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Workers’ Compensation Audit Hurts Contractor. Drywall company lucky not to be prosecuted for workers' compensation insurance fraud.
By Barry Zalma - July 15, 2013

Because of the ever-changing nature of a business, the policy premium for a workers’ compensation policy usually cannot be determined until after the policy has expired. For this reason, the insurer, applying the covenant of good faith and fair dealing, relies on the insured to maintain the necessary documentation for calculating the premium.

The failure to present records can be very costly...

T & S Drywall Finishing, Inc. (T&S), acquired workers’ compensation insurance from The Travelers Indemnity Company (Travelers). After the policy period terminated, Travelers audited T&S to determine the actual premium as provided by the policy. During this audit and the audit of the following policy period, Travelers concluded that T&S owed additional premiums because it had hired subcontractors that did not have workers’ compensation insurance covering their employees. T&S disputed the increased premiums, and Travelers brought an action against T&S in the district court for Douglas County. Following a bench trial, the district court entered judgment in favor of Travelers.
In Travelers Indemnity Co. v. T & S Drywall Finishing, Inc., A-12-833 (Neb.App. 07/09/2013) T&S challenged the finding that it is liable for additional premiums. The Nebraska appellate court was called upon to resolve the dispute.
Other than its president and owner, Terry Winn, T&S has one other employee, Julie Schafer, who manages the office and handles the bookkeeping. T&S submitted an assigned risk application for workers’ compensation insurance to Travelers through one of Travelers’ agents. In its application, T&S disclosed that it subcontracted 100 percent of its work and indicated that it did not sublet any work without first having received a certificate of insurance from the subcontractor. Along with the application, T&S paid $750 as prepayment of its premium. This prepayment was later increased to $850. Upon receiving the application and premium, Travelers issued T&S a policy with an effective policy period beginning on February 19, 2005, and terminating on February 19, 2006. When this initial policy period expired, a renewal policy was issued with an effective date of February 19, 2006.
As permitted by the policy, Travelers audited T&S’ records a few months after the first policy period expired. Based on the information it received from the audit, Travelers also concluded that these subcontractors employed additional workers. As a result of this audit, Travelers adjusted T&S’ final premium to $103,544.
Travelers also attempted to audit T&S’ records during the renewal policy period, but T&S did not provide the necessary records. As a result, Travelers used the previous audit results to estimate T&S’ premium for the partial renewal policy period. Travelers adjusted T&S’ premium. When T&S refused to pay the adjusted premiums, Travelers filed suit in the district court for Douglas County.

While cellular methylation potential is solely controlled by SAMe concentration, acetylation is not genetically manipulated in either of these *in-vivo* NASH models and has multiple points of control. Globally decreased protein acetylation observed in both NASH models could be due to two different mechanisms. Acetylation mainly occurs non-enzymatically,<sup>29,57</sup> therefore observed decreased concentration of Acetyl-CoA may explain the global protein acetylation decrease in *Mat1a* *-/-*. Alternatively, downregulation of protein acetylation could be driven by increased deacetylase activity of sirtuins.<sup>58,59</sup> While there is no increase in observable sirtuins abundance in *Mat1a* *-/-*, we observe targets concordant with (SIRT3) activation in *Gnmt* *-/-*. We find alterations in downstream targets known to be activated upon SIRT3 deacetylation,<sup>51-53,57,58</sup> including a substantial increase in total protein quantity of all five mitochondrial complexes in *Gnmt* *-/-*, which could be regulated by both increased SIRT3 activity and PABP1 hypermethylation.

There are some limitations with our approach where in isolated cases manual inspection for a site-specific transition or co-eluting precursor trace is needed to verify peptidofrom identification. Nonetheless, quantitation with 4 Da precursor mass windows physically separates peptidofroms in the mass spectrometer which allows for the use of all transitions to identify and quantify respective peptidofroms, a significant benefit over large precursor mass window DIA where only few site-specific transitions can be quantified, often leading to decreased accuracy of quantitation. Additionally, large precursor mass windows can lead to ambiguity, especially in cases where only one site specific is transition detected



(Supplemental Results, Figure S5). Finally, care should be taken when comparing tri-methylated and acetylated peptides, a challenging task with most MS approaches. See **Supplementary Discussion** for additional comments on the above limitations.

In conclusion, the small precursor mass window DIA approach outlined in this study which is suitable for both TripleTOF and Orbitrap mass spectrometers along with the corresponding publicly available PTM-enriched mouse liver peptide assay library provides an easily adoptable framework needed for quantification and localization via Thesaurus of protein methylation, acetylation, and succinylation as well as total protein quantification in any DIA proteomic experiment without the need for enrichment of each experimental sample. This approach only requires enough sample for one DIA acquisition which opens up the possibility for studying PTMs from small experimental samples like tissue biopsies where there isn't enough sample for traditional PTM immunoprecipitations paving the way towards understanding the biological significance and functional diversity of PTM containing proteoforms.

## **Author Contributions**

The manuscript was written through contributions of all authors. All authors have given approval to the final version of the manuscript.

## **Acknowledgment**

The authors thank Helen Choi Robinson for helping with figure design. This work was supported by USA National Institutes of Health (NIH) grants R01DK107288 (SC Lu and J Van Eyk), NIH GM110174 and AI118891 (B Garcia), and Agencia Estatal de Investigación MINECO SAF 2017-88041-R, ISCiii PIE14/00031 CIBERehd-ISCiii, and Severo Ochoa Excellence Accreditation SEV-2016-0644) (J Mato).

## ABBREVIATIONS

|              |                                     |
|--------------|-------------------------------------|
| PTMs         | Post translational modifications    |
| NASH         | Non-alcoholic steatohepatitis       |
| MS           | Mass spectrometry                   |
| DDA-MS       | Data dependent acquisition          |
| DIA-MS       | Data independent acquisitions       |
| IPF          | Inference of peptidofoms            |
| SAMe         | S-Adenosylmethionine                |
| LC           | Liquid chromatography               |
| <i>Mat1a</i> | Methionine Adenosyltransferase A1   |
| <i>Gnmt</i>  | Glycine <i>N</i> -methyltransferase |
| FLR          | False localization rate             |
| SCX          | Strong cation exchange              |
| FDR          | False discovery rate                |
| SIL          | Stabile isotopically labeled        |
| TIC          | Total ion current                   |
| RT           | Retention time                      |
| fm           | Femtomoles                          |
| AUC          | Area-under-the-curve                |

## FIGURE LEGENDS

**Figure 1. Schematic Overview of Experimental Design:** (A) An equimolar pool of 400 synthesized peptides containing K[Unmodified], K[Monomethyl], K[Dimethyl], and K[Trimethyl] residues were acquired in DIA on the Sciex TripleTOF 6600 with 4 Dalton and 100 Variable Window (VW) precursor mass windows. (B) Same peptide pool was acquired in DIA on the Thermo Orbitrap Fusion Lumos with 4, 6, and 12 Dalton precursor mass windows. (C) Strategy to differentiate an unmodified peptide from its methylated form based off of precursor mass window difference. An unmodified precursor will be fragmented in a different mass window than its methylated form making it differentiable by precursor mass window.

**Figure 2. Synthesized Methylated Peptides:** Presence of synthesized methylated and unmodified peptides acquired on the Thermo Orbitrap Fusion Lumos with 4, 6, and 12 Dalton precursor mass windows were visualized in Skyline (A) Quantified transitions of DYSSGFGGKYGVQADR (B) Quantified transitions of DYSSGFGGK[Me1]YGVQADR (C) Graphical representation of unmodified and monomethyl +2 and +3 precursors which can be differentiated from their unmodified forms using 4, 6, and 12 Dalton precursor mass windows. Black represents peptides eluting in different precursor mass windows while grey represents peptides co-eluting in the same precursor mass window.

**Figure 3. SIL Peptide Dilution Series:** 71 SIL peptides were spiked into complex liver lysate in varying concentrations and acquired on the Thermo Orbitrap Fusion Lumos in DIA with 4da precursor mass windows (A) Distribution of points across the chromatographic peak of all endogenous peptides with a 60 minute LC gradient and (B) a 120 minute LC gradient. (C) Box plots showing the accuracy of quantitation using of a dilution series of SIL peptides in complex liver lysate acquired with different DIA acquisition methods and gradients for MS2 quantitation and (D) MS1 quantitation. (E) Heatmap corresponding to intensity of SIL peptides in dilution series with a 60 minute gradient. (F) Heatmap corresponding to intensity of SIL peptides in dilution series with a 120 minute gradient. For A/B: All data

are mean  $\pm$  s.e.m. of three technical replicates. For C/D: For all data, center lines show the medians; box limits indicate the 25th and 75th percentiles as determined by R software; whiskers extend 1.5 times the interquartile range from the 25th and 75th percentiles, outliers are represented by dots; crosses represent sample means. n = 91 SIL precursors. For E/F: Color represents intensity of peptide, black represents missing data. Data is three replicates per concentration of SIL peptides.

At trial a Travelers’ premium auditor, testified that the initial premium for a workers’ compensation policy is an estimate based upon an insured’s payroll projections for the policy period. The final premium is based upon an insured’s actual payroll during the period.
Travelers charged T&S the additional premiums after the audits because T&S could not provide documentation showing that all subcontractors were covered by workers’ compensation insurance policies. T&S paid the subcontractors directly and did not issue payment to any employees of the subcontractors. However, there was no evidence presented to indicate that T&S required certificates of insurance from all of its subcontractors who had employees before subcontracting work as it promised.
After a bench trial, the district court entered judgment in favor of Travelers. Finding that T&S failed to require its subcontractors to furnish proof of workers’ compensation coverage for their employees, the court found that T&S became liable as an employer under Nebraska statutes. Because T&S intentionally failed to maintain the records necessary for an audit, the district court accepted Travelers’ premium calculations. T&S was ordered to pay $137, 892, along with any applicable prejudgment and post judgment interest.
T&S contends that the insurance policy does not constitute a valid and enforceable contract.
The court of appeal concluded that the insurance policies in question were clearly enforceable contracts. Travelers agreed to provide workers’ compensation coverage for T&S for the operative periods in exchange for T&S’ payment of the initial premiums. T&S accepted the policies and was insured during the policy periods until cancellation. The fact that T&S disputes its responsibility for additional premiums following the audits does not render the contracts unenforceable.